Europe and mainly France at the time cultivated more than 99% of the vineyard plants of the Vitis Vinifera family (wine vines). These vines of Roman origin are genetically combative to locally existing vine diseases. The different mutations, cloning, and genetic manipulation of these plants created the basis of the different varieties of grapes and vines so prized in France at that time: Cabernet Sauvignon, Merlot, Malbec, Syrah, Pinot Noir, Sauvignon Blanc, Chardonnay etc.

Meanwhile, French, and American ampelographers and botanists are simultaneously passionate about understanding and creating new clones that would be more resistant or more productive. It is for this reason that in 1860 after an import of American plants (Vitis labrusca) planted in the south of France, appear the first signs of the plague of the vine. Its speed has spread, and the impossibility of finding a way to eradicate it will decimate more than 50% of French vineyards in less than 30 years. This pandemic is a national and economic disaster for France and later Europe.

The discovery of the consequences of this new disease will be made by the French botanist Jules Émile Planchon. This research will be published in botanical journals around the world, and it was in 1870 that Charles Valentine Riley of Missouri, after reading Planchon's research, communicated with him to inform him of his own observations. The disease did exist in Missouri and other parts of the USA. But unlike in France, American plants showed signs of disease on the leaves but no symptoms of death of the attacked plans. Then began an intense collaboration between the two men and the two countries.

They discovered that the American plants from the Concord strain are genetically resistant to the underground attacks of Phylloxera.

This is where an extraordinary adventure begins for this Vitis Labrusca native of Massachusetts. It was planted intensively in France and throughout Europe to replace the vitis vinifera vines with phylloxera, but its quality and unappealing foxy taste were not suitable for consumers, and France is afraid of losing its wine heritage. Then the hard work of botanists will make it possible to discover how to graft the cuttings of vitis vinifera on American Concord strains. The Concord did not adapt well to European soils and climates; it impoverishes the yields and quality of the grapes produced, and it was soon supplanted by the Vitis berlandieri, a hybrid of the Concord created by Thomas Volney Munson of Denison, TX, which adapted perfectly to French conditions.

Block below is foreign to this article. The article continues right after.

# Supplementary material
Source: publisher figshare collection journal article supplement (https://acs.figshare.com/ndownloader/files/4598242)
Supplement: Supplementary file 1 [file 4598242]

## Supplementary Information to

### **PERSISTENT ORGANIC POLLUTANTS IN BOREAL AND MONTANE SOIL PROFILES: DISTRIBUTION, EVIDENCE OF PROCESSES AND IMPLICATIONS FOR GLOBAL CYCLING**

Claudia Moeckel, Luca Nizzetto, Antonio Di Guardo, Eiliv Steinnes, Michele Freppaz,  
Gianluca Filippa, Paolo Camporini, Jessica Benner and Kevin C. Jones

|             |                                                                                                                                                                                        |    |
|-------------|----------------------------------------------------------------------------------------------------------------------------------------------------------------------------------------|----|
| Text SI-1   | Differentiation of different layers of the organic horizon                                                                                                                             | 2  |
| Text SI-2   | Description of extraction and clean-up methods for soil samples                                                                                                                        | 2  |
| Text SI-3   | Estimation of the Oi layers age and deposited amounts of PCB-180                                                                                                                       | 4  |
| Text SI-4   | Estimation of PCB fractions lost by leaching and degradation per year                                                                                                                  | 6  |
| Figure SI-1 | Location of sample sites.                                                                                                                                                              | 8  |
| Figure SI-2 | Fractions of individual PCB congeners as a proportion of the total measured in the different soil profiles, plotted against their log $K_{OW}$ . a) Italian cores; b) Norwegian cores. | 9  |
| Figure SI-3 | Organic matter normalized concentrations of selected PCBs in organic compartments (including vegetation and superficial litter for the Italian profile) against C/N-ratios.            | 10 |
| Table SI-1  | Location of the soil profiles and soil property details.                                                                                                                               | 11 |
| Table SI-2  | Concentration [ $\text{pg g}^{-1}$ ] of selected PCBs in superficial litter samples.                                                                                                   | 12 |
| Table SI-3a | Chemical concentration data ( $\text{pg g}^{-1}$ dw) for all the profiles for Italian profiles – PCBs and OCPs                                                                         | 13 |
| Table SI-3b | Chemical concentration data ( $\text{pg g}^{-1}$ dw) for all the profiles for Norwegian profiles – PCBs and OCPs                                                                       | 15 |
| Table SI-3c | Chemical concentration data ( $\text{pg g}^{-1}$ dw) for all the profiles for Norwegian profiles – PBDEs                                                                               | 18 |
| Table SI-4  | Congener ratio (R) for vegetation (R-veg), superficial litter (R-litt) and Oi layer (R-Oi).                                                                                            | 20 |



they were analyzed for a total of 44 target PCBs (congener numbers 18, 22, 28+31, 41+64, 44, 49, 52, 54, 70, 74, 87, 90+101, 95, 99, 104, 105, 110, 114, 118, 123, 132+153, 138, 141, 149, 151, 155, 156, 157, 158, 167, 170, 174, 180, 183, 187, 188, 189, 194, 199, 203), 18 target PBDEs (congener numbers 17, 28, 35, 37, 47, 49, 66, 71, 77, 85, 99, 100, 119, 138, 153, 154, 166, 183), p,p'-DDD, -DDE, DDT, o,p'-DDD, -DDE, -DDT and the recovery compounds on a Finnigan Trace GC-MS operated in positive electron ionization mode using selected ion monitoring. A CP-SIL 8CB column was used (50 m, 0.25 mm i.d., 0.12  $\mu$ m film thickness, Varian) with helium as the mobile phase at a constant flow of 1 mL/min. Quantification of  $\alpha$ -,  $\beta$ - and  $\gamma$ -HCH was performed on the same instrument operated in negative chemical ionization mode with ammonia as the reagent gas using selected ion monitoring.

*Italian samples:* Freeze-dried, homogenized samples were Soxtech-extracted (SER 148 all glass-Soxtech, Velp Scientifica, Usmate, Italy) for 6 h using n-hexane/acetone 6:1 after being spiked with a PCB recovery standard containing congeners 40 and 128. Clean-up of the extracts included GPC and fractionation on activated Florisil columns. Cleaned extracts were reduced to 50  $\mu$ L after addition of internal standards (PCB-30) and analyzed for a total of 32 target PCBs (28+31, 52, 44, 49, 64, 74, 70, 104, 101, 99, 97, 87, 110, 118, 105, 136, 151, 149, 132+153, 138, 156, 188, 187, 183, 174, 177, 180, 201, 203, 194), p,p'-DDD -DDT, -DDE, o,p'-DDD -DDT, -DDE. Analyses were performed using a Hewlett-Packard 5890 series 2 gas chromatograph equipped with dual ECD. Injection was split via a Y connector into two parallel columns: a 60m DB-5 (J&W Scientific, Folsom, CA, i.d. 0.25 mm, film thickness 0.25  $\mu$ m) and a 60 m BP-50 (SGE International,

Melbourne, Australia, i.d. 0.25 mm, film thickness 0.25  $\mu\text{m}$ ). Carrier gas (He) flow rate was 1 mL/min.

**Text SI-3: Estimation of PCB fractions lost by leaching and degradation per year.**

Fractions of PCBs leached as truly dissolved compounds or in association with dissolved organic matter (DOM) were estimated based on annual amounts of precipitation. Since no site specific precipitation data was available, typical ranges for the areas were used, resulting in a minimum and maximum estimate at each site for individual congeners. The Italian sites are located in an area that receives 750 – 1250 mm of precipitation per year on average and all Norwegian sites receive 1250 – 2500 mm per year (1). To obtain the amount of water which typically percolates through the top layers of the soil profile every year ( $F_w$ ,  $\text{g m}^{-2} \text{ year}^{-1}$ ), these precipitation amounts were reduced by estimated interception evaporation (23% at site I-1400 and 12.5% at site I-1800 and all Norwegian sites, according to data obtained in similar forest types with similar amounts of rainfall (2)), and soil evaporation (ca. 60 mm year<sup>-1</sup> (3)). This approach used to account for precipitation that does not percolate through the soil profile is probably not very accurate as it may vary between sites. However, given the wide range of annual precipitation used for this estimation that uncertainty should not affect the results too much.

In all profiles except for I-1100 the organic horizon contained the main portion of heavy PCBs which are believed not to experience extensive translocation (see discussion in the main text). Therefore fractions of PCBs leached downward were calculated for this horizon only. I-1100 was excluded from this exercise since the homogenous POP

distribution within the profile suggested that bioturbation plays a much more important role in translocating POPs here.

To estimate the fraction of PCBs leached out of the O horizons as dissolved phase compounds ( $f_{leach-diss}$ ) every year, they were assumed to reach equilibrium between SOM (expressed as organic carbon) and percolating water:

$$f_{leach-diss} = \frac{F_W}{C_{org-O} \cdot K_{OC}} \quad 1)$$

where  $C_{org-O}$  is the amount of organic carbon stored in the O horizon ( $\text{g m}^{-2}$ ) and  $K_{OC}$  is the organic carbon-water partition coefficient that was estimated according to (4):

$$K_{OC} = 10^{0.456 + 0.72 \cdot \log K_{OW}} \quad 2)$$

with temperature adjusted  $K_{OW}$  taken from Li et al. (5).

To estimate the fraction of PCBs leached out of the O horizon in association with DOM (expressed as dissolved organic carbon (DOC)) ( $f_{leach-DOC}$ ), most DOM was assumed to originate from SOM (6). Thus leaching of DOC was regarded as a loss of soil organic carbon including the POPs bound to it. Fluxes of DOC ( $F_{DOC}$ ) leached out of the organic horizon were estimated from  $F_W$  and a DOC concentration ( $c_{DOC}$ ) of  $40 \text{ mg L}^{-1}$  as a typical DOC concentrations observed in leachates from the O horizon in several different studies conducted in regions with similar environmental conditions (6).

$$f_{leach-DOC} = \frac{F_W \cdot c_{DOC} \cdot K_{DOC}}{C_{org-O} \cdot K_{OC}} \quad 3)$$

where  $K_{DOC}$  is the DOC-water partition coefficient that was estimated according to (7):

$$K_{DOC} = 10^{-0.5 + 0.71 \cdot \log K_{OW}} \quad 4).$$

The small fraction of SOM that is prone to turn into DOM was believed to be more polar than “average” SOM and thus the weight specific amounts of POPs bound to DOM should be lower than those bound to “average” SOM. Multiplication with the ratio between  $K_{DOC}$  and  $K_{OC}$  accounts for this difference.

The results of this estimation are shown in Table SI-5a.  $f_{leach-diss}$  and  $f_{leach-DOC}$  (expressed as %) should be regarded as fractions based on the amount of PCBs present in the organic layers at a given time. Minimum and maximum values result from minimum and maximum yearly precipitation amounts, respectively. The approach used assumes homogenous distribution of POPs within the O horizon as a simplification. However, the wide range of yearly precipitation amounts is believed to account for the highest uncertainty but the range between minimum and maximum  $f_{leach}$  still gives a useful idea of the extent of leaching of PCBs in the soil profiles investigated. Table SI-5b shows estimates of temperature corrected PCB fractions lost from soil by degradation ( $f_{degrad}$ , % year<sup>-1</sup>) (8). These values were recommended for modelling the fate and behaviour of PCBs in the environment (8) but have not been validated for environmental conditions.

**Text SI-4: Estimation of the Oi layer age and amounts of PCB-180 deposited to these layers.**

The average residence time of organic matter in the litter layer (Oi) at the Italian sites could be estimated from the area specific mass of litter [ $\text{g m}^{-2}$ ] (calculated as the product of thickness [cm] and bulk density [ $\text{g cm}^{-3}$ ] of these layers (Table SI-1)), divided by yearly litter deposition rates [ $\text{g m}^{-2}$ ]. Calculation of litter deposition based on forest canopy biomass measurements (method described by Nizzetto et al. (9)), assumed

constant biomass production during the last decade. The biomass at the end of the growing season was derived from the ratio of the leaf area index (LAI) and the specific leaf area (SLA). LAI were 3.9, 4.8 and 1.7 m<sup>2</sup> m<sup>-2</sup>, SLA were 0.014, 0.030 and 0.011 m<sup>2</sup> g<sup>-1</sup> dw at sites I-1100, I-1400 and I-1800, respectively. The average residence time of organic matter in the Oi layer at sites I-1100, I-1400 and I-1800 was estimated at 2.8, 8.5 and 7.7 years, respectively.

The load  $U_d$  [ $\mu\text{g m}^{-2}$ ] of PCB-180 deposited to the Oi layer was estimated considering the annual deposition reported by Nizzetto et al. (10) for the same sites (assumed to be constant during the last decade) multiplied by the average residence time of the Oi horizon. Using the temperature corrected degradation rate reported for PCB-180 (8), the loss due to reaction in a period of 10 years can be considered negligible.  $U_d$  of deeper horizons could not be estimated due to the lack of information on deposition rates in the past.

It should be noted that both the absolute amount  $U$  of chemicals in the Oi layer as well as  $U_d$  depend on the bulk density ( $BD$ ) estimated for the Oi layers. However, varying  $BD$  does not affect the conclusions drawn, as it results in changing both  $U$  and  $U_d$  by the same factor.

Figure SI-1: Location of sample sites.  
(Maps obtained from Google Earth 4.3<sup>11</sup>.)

It is then that those thousands of plants were shipped into France to be used as rootstock for the grafts of French vitis vinifera.

Even today the majority of` the world's vines continue to be on variants of the "Concord" rootstock. But the Concord itself, after its glory, was banished from France and considered a pariah. Today it exists only on common clones such as Vidal, Marechal Foch or Baco Noir.

Thank you, Mr. Ephraim Wales Bull, for saving the wine heritage of humanity. We are proud of you. I think it would be appropriate for the city of Concord to erect a statue in your likeness and honor your wine patriotism. Louis Pasteur has streets, public buildings, and effigies in his honor, so why not Ephraim Wales Bull?

Final Chapter, Verse 4:101:

Meditative Conclusion

Man is naturally stubborn and arrogant; they never tire of defying nature and ignoring the lessons of the past. By dints of manipulation and procrastination, it comes back around that America becomes sick of its own plague. The crossing of vitis vinifera and American vitis planted extensively in California, Oregon and Washington State has allowed Phylloxera to transform genetically and adapt to new American strains.

So, who will save the American vineyards of tomorrow - Asia, the Middle East or Africa? Or should we appeal (from his grave) to Ephraim Wales Bull that there is still a faith to save humanity again from its wine sarcasm?

An idea:

And then if we canonized Ephraim, it would at least allow us to dedicate ourselves to a Saint, so "God Bless Ephraim and the state of Massachusetts".


Mr. B

*Memorandum: My words and opinions in these newsletters are and would always be personal, and I intend to offend. I always accept that others have the full right and duty to challenge me, to argue, and, if it is necessary, excommunicate me from their beliefs (often dull and hollow) because I would act the same way if it were the other way around.